Annual Harvest Festival scheduled Saturday in Sewickley
The 23rd annual Sewickley Harvest Festival will feature more than 140 booths and activities with entertainment, arts and crafts, sidewalks sales, children's activities and food.
Presented by the Quaker Valley Rotary Club and Kiwanis Club of Sewickley, the event is scheduled for from 10 a.m. to 5 p.m. on Saturday along Broad and Thorn streets in Sewickley.
Performing at a stage to be set up along School Street are:
• 10 a.m. Mayor Brian Jeffe will welcome participants followed by John Tucci singing “The Star Spangled Banner.”
• 10:10 to 10:40 a.m. — Student musicians from Quaker Valley
• 10:50 to 11:30 a.m. — Sensitive Sally band
• 11:45 a.m. to 12:45 p.m. — SynKronized Irony
• 1 to 2:15 p.m. — Rhubarb
• 2:30 to 3:45 p.m. — Not Fade Away
• 4 to 5 p.m. — The Lost Boys
Other activities include:
• 10 a.m. to 3 p.m. — Child safety activities at the borough building sponsored by Sewickley Police Department's Crime Prevention Program. Featured will be McGruff the Crime Dog, Tripp, Sewickley's K-9 narcotics dog and Cochran Hose Fire Co. open house. Quaker Valley Key Club will sponsor children's activities at the gazebo in Wolcott Park on Broad Street.
• 10 a.m. to 5 p.m. — Booths along Thorn Street will feature a police informational station with door prizes and candy bags, Pennsylvania Game Commission, Reilsono's Towing DUI awareness and K-9 demonstrations; Pittsburgh Major Taylor Cycling Club, Pennsylvania Motorcycle Safety Program, Air Force, CAESAR Search & Rescue Dogs, West Hills DUI Task Force, Pennsylvania Off-Highway Vehicle Association, Army National Guard, Animal Rescue League, Guardian Kids ID Program, Coast Guard Auxiliary District 7 and Quaker Valley Ambulance.
• 10 a.m. to 5 p.m. — Featured craft items at Broad and Thorn streets and the Sewickley Eye Care Center parking lot will include jewelry, wooden toys, artwork, children's and baby items, doll clothes, candles, children's art activities, Christmas ornaments, greeting cards, purses, crocheted items, furniture, table runners and sewn products, hand-blown glass, soaps, photography, Raggedy Ann and Andy dolls, sand art, fleece crafts, silk floral arrangements and hair items.
• 10 a.m. to 5 p.m. — Food items will include kettle corn, shaved ice, hot sausage, snow cones, cotton candy, gyros and Carpatho-Rusyn foods.
Other events to be held in town the same day will be:
• 7 a.m. flea market starting at 7 a.m. at St. Andrews Presbyterian Church, 801 Beaver St.
• 10 a.m. to 2 p.m. — Day on the Lawn, a flea-market, yard-sale type event at Sewickley Presbyterian Church, 414 Grant St.
• 8 a.m. to 1 p.m. — rummage sale from 8 a.m. to 1 p.m. at Sewickley United Methodist Church's basement dining room, 337 Broad St.
• 11 a.m. to 5 p.m. — St. Matthews AME Zion Church, 345 Thorn St., barbecued ribs or chicken dinners.
• 9 a.m. to 1 p.m. — St. James Church, 200 Walnut St., farmers market.
Editor's note: This story was corrected to note that student-musicians from Quaker Valley would play at 10:10 a.m. A previous version said the Quaker Valley Band would play. That information was provided to the Herald by Harvest Festival organizers.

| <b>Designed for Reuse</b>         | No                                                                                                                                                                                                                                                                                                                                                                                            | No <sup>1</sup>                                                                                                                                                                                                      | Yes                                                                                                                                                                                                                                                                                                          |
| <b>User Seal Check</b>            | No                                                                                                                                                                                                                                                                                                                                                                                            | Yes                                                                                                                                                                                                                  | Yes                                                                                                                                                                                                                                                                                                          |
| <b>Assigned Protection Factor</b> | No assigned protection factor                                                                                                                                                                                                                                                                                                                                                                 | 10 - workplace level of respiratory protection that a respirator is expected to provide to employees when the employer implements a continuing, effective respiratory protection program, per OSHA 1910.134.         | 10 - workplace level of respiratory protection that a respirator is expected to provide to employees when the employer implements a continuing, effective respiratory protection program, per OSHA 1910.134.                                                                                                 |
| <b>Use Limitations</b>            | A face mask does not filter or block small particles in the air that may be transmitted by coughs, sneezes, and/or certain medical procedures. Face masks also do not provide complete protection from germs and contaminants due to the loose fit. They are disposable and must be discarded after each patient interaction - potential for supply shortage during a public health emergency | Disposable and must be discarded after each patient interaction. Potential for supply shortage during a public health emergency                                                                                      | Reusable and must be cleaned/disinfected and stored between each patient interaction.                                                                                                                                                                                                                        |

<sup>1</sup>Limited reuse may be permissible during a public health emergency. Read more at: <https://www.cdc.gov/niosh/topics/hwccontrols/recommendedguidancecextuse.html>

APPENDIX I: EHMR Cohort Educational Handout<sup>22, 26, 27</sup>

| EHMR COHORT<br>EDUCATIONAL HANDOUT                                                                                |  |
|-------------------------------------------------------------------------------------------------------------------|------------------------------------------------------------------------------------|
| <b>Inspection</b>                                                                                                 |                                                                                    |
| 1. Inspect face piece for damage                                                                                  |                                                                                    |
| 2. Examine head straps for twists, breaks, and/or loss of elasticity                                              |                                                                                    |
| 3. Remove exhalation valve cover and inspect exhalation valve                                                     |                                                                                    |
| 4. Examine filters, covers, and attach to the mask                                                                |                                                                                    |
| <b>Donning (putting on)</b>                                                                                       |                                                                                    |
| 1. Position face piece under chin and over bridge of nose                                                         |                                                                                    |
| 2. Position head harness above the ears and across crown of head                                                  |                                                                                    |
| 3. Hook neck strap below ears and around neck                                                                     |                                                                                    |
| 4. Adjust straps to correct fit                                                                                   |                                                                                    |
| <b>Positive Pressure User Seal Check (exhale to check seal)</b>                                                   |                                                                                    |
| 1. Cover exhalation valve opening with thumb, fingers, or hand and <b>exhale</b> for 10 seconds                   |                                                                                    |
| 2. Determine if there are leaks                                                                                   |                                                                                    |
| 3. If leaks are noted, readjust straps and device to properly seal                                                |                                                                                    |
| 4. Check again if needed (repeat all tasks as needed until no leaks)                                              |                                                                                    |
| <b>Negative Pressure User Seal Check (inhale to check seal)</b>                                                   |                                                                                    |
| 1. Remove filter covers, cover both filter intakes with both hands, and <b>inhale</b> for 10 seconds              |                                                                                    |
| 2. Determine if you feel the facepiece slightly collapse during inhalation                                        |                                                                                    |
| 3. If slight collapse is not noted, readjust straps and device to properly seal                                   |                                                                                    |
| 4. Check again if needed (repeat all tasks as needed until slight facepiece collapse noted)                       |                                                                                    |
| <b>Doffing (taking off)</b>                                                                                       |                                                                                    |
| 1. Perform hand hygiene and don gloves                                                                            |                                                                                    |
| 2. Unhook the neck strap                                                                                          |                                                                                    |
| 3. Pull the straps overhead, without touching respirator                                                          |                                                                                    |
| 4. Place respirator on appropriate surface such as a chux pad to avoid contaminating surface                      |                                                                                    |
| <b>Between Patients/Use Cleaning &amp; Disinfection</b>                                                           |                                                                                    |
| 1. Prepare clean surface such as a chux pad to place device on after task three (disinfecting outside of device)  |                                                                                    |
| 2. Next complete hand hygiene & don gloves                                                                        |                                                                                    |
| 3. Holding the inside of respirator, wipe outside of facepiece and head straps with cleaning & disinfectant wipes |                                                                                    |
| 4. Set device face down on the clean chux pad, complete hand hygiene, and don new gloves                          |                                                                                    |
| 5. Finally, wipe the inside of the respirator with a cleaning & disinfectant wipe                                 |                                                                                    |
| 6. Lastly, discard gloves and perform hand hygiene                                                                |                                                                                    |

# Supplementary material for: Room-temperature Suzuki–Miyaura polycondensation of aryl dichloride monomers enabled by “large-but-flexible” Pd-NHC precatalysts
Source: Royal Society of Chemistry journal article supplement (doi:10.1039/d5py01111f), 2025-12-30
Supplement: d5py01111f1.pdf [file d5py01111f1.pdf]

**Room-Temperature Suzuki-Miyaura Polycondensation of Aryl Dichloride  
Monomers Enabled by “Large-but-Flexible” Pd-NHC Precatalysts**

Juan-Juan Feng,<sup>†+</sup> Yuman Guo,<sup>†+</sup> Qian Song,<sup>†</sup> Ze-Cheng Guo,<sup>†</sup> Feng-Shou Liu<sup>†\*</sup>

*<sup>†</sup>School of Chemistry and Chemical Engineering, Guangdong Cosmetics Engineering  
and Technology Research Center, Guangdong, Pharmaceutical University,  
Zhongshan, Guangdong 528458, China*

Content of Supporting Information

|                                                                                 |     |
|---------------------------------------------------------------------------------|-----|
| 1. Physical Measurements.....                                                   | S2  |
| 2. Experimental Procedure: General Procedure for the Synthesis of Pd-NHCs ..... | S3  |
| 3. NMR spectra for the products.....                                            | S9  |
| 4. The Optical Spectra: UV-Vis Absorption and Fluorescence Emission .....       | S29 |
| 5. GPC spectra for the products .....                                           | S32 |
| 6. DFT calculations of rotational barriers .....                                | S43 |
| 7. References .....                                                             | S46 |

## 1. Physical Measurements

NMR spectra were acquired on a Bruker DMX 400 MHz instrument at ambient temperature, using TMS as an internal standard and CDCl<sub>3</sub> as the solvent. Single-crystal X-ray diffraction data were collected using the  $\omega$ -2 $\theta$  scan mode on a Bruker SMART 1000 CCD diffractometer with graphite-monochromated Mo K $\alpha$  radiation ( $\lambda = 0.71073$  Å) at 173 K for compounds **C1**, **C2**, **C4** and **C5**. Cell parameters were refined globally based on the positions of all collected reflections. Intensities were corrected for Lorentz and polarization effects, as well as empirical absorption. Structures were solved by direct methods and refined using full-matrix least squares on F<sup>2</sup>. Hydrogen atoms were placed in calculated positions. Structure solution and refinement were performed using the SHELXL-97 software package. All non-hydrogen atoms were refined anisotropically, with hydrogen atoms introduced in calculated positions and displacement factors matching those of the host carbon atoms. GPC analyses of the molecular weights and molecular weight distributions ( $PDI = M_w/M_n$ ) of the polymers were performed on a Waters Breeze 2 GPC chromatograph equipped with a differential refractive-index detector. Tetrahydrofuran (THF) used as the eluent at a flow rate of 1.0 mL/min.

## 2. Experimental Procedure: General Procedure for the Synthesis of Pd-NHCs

Show commenting policy
TribLive commenting policy
You are solely responsible for your comments and by using TribLive.com you agree to our Terms of Service.
We moderate comments. Our goal is to provide substantive commentary for a general readership. By screening submissions, we provide a space where readers can share intelligent and informed commentary that enhances the quality of our news and information.
While most comments will be posted if they are on-topic and not abusive, moderating decisions are subjective. We will make them as carefully and consistently as we can. Because of the volume of reader comments, we cannot review individual moderation decisions with readers.
We value thoughtful comments representing a range of views that make their point quickly and politely. We make an effort to protect discussions from repeated comments either by the same reader or different readers.
We follow the same standards for taste as the daily newspaper. A few things we won't tolerate: personal attacks, obscenity, vulgarity, profanity (including expletives and letters followed by dashes), commercial promotion, impersonations, incoherence, proselytizing and SHOUTING. Don't include URLs to Web sites.
We do not edit comments. They are either approved or deleted. We reserve the right to edit a comment that is quoted or excerpted in an article. In this case, we may fix spelling and punctuation.
We welcome strong opinions and criticism of our work, but we don't want comments to become bogged down with discussions of our policies and we will moderate accordingly.
We appreciate it when readers and people quoted in articles or blog posts point out errors of fact or emphasis and will investigate all assertions. But these suggestions should be sent via e-mail. To avoid distracting other readers, we won't publish comments that suggest a correction. Instead, corrections will be made in a blog post or in an article.